What can innovators learn from art?

Observation skills, questioning, and experimentation are  vital parts of innovation. Observing everyday activities can lead to new insights where things can be improved on. It can also lead to break-through ideas.

The innovation psychologist  Leon Segal said:

“Innovation begins with an eye.”

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By Johann Zoffany

Innovators carefully watch the world around them and the observations help them gain ideas for new ways of doing things. Observation skills are also at the core of art. Art students are often told to draw what they actually look at, rather than the way they think something should look. Copying someone’s ideas will not in itself lead to a person developing creative thinking skills. A painter needs to learn to think in colours, an artist working with sculptures need to think in 3D, and a songwriter needs to learn to think in lyrics.

Art is sometimes used to help medical students to develop their observations skills. Looking at art can help people understand ambiguities in a painting and also to look closely at something without “rushing to assign meaning to what we see.” Many of us are ready to immediately interpret what we see, yet looking at art can help a person to slow down and really observe things without immediately interpreting things. These skills can also help an  innovator to explore aspects and to help step out of the common way of interpreting things. Quick thinking is good sometimes but certain things are good to slowly digest.

Even if looking at art can help a person to develop observation skills the observation in itself is not enough. Making connections, questioning, visualising, and searching for patterns are also important aspects of art. Art can help a person to make connections between things. innovators often have a passion for questioning things. The importance  of question asking is a topic that has been previously explored in this blog. Valuing questions and being curious can lead to a search for new ways of doing things. Rather than focusing on quick answers, the innovative process thrives on asking questions to provoke new insights, possibilities and connections.

The book The View from the Cheap Seats: Selected Nonfiction is a wonderful collection of Neil Gaiman’s essays, and meditations on life, literature, and the life and love of literature. An inspiring essay in the book explores the ideas and ideals at the heart of Bradbury’s classic book Fahrenheit 451. This book is a great reminder of how important it is to explore one’s values. Neil suggests that speculative fiction gives  us a “liberation of vision”. Yet in order for this to happen, we must acknowledge that each story has a multiplicity of meanings.

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Authors can offer an imagined but nevertheless persuasive alternative reality where the readers are offered a way to escape from the usual traditional way of thinking. New possibilities can be examined. It is easy to think that the way we live now is somehow the only way that the world can be organised.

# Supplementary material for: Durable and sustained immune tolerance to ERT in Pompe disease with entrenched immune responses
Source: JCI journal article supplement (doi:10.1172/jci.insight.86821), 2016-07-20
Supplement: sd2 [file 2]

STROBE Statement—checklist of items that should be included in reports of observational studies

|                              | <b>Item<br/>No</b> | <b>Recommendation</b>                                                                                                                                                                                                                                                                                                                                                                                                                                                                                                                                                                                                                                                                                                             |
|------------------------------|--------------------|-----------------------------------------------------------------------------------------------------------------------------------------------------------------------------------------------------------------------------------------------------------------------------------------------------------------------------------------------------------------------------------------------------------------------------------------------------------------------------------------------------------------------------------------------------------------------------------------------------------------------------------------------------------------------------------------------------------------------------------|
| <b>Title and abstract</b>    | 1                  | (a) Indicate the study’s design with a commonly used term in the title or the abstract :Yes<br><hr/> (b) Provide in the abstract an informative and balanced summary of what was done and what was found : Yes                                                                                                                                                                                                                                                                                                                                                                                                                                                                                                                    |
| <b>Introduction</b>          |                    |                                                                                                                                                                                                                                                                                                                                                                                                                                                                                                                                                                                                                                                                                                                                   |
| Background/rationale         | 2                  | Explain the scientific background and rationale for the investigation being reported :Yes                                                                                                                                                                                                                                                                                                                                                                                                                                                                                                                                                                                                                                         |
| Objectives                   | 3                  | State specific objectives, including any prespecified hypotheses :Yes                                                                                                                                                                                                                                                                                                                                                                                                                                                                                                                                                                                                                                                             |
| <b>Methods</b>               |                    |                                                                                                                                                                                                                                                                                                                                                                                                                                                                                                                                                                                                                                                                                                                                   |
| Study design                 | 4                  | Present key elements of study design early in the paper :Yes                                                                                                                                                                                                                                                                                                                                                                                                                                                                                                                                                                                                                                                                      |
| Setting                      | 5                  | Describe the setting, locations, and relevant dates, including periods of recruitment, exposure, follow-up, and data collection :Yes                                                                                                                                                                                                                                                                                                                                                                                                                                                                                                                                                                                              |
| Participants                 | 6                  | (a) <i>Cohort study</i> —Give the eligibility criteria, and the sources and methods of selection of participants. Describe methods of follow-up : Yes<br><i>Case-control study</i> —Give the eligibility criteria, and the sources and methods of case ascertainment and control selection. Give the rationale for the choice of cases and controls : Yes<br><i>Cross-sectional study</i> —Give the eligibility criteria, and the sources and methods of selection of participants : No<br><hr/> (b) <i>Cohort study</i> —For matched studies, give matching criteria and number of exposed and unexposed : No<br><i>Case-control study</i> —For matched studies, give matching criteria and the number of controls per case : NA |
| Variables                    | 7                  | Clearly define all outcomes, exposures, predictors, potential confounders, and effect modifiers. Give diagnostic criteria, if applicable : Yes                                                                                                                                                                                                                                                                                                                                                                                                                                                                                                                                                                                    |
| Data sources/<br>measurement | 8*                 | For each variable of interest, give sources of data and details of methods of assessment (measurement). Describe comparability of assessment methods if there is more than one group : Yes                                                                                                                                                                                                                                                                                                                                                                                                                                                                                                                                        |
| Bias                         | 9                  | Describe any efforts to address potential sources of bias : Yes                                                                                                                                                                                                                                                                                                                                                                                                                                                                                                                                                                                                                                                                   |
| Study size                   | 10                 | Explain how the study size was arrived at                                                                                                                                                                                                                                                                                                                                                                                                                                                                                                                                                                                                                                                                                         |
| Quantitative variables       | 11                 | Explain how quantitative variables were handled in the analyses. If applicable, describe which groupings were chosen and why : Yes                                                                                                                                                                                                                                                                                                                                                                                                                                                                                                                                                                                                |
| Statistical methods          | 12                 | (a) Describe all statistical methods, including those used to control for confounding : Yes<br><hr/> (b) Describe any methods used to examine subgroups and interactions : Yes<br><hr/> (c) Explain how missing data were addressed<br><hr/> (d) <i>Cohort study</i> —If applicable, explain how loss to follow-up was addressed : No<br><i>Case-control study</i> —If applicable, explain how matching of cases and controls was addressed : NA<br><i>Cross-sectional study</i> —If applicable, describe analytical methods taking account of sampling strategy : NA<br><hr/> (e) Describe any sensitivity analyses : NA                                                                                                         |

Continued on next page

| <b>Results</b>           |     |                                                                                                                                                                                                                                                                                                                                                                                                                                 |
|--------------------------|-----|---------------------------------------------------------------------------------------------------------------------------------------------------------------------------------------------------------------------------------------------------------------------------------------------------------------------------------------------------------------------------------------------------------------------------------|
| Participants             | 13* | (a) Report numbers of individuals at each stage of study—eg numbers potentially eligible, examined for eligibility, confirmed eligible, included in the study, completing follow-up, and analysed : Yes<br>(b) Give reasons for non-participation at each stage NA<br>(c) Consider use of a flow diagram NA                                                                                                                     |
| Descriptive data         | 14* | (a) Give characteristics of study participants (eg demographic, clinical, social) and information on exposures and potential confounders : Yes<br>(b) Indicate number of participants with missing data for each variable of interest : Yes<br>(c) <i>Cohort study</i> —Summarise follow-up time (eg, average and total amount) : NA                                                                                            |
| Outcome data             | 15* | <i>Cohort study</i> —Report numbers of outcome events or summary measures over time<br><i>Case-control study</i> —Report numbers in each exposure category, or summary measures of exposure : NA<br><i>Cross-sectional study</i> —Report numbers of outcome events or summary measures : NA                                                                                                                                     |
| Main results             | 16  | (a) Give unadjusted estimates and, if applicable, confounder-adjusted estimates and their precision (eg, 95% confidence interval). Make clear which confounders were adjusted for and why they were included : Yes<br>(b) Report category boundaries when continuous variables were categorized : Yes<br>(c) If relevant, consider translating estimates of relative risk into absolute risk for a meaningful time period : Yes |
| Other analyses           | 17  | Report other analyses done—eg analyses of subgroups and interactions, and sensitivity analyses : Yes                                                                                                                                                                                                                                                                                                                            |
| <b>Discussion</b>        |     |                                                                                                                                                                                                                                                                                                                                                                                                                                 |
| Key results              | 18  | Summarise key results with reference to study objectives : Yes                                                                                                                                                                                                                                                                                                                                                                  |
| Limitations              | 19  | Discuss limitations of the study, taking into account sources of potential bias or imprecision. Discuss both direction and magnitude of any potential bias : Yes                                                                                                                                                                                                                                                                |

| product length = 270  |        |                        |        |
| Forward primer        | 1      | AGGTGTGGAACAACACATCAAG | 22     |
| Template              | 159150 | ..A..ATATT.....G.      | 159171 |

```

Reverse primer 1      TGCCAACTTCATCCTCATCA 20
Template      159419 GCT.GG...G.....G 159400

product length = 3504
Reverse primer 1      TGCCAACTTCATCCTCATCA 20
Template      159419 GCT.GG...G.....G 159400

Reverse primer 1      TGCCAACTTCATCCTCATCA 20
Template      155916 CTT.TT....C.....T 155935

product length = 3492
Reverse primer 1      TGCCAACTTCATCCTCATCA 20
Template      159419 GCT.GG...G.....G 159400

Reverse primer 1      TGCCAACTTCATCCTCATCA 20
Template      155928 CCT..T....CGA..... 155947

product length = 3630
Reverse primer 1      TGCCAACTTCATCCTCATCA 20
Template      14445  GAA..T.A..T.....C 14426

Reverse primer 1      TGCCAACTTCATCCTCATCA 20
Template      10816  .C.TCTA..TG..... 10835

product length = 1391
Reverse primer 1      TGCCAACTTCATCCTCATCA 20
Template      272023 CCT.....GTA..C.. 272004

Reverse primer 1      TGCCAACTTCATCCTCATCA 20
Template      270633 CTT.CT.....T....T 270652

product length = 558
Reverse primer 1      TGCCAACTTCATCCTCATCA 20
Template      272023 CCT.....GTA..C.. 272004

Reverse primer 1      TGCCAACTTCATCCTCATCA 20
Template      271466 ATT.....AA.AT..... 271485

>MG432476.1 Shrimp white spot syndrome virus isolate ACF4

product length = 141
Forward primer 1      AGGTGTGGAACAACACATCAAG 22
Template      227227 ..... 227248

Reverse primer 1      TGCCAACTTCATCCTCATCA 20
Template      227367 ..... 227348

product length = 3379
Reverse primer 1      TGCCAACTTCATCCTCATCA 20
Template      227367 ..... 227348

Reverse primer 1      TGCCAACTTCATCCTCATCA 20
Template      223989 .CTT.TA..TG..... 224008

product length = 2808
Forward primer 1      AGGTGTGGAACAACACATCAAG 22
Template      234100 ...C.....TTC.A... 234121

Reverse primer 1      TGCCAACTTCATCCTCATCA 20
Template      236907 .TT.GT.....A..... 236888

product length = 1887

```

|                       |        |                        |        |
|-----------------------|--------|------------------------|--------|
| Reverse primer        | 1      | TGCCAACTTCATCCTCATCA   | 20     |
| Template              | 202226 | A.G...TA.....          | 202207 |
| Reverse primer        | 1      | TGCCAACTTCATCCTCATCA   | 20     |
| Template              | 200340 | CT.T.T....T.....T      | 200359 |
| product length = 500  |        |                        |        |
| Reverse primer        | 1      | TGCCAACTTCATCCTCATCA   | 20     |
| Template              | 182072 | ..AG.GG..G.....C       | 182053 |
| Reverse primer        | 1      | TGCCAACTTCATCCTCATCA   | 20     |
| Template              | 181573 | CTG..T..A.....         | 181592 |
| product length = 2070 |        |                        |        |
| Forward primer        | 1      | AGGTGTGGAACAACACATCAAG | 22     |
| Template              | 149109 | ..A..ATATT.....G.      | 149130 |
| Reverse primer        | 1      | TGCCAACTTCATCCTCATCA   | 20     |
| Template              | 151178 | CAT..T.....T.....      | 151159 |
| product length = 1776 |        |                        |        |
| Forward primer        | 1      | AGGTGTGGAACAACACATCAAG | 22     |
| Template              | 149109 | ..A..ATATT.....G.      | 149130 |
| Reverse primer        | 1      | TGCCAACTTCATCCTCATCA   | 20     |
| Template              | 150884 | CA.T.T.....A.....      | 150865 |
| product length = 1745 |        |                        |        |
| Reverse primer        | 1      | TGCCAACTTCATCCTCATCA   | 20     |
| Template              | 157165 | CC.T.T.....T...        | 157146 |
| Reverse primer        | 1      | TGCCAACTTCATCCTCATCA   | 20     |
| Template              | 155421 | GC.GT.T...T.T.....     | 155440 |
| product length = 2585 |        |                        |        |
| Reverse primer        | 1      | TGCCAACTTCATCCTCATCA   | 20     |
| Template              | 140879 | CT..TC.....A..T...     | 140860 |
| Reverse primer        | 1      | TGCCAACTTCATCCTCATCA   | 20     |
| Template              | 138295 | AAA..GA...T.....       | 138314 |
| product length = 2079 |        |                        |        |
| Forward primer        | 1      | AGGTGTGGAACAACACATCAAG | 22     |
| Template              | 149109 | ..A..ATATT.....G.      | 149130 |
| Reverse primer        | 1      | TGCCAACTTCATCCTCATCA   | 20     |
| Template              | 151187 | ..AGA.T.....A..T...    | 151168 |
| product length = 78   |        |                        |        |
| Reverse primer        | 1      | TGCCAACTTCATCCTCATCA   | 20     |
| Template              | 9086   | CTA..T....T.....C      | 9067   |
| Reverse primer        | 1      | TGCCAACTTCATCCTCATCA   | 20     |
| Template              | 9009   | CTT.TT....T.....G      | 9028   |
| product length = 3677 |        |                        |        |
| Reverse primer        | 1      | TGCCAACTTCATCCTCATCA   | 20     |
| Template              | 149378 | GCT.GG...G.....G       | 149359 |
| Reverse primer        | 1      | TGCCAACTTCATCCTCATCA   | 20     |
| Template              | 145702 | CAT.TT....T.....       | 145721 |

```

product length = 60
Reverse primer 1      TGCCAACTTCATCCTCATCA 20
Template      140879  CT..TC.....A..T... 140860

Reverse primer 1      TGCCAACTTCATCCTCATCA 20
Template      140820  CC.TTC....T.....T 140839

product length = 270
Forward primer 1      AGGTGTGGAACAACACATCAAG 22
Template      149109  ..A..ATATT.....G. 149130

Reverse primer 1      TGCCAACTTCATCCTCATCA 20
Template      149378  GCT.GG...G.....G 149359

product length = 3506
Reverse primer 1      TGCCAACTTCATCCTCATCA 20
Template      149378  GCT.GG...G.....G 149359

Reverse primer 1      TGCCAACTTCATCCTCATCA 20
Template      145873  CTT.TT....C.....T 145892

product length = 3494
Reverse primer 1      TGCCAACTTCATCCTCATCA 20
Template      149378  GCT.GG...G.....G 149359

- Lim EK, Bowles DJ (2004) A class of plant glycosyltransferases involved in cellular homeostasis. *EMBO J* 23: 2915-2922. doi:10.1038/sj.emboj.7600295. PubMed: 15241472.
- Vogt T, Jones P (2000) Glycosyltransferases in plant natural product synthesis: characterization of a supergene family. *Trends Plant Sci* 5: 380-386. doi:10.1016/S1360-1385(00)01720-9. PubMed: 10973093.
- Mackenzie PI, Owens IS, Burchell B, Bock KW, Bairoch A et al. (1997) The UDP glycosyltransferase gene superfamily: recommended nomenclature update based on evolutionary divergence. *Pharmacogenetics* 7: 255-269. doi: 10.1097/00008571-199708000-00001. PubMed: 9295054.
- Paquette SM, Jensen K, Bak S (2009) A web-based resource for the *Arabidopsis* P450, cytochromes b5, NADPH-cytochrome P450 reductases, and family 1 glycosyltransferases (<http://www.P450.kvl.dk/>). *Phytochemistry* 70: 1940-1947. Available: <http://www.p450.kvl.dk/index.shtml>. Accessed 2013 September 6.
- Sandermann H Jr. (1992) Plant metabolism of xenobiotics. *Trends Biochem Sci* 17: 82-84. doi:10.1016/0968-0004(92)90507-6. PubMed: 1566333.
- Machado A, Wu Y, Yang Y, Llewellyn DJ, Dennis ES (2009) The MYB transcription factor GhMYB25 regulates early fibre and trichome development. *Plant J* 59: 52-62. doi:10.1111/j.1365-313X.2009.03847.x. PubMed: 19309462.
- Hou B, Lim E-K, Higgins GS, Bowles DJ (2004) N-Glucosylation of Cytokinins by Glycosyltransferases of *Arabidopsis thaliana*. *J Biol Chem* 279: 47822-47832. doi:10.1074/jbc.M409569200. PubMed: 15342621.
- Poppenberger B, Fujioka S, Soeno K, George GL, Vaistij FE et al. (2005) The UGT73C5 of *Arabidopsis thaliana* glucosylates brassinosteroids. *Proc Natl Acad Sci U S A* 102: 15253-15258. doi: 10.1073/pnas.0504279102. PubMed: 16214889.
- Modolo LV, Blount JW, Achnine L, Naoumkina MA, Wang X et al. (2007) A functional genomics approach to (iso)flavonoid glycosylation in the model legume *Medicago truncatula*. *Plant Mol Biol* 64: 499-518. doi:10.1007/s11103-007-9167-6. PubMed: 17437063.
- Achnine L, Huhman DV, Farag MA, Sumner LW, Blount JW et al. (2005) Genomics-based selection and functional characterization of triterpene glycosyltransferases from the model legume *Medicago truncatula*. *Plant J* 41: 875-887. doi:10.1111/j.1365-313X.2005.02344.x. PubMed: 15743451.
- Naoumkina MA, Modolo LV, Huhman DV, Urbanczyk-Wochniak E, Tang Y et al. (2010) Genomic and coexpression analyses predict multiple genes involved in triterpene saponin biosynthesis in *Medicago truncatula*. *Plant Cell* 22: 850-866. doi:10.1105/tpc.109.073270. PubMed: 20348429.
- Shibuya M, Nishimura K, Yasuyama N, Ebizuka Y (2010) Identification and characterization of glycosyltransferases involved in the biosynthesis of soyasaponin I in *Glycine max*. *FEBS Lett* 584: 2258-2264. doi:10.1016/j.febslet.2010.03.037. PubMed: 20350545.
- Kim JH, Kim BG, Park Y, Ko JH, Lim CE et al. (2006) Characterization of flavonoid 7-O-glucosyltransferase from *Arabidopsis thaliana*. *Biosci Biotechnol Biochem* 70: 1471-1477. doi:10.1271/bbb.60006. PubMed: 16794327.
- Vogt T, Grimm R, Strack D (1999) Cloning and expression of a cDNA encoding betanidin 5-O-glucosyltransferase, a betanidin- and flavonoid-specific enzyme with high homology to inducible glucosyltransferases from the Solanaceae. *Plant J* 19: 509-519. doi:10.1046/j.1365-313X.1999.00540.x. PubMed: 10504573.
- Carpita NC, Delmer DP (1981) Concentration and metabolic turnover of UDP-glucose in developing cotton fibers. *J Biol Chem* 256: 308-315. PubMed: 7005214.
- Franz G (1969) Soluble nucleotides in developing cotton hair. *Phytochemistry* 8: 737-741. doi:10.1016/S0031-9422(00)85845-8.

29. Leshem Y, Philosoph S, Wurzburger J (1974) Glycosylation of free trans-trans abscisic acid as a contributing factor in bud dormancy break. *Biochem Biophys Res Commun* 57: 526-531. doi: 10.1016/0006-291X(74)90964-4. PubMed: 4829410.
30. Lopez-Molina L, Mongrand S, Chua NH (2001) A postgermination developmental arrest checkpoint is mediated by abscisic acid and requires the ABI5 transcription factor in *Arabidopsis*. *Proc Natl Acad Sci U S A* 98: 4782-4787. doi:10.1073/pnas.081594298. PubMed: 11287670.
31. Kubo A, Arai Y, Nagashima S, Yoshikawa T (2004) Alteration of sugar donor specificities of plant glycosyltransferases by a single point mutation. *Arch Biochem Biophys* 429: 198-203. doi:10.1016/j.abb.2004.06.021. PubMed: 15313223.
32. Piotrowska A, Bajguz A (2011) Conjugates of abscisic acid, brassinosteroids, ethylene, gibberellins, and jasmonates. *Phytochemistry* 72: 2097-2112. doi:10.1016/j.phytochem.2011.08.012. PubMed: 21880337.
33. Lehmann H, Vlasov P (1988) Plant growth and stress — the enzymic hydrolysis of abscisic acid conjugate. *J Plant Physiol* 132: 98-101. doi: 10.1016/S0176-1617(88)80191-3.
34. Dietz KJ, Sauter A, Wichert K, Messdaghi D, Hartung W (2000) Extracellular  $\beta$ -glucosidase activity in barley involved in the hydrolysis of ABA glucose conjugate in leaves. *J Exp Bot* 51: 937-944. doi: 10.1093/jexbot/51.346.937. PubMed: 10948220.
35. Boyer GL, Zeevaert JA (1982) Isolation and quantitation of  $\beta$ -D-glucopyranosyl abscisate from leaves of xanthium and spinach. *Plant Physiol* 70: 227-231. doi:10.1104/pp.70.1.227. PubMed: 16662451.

Three questions can help an author to imagine possible worlds:

  • What if …?  This question provides a way to escape from the world. What if I could fold up my car?
  • If only … Allows us explore something exciting as well as the terrifying  about the future. If only there were no cars.
  • If this goes on … What would happen if that thing became bigger, became all-pervasive? Does not try to predict the future rather explores possible scenarios. If this way of parking cars goes on there will be no green spaces left in the cities.

Innovators are examining and trying out new ideas. Testing hypothesis and visiting new places and worlds. Imagining different futures is a fundamental aspect of the innovative process and reading books about the future can provide valuable insights. It can also help us develop skills to examine possible futures. A world that does not yet exist!

To think.

To imagine.

To change.

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Photo: Kevin Krejci

 

So Where Is Everybody? – Thinkibility Nibble

The ability to come up with a lot of alternatives is an important Thinkibility skill, reflecting “mobility” in thinking. As all skills, they have to be trained and maintained by exercises. Recently we came across a funny, but existential exercise.

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Since the 1950s, scientists have argued the idea that “habitable zones” around stars are the most likely places to find life. Numerous discoveries in these zones since 2007 have generated estimations of frequencies of Earth-like planets —in terms of composition— numbering in the many billions though as of 2013, only a small number of planets have been discovered in these zones. Nonetheless, on November 4, 2013, astronomers reported, based on Kepler space mission data, that there could be as many as 40 billion Earth-sized planets orbiting in the habitable zones of Sun-like stars and red dwarfs in the Milky Way (Extraterrestrial life).

And yet, we see nothing, hear nothing, and we’re visited by no one.

So where is everybody?

Welcome to the Fermi Paradox.

We have no answer to the Fermi Paradox—the best we can do is “possible explanations.”

The Thinkibility nibble for today is just that. Give us at least 15 “possible explanations” why mathematically there must be extraterrestial life, yet we have never experienced it.

Gardens: stars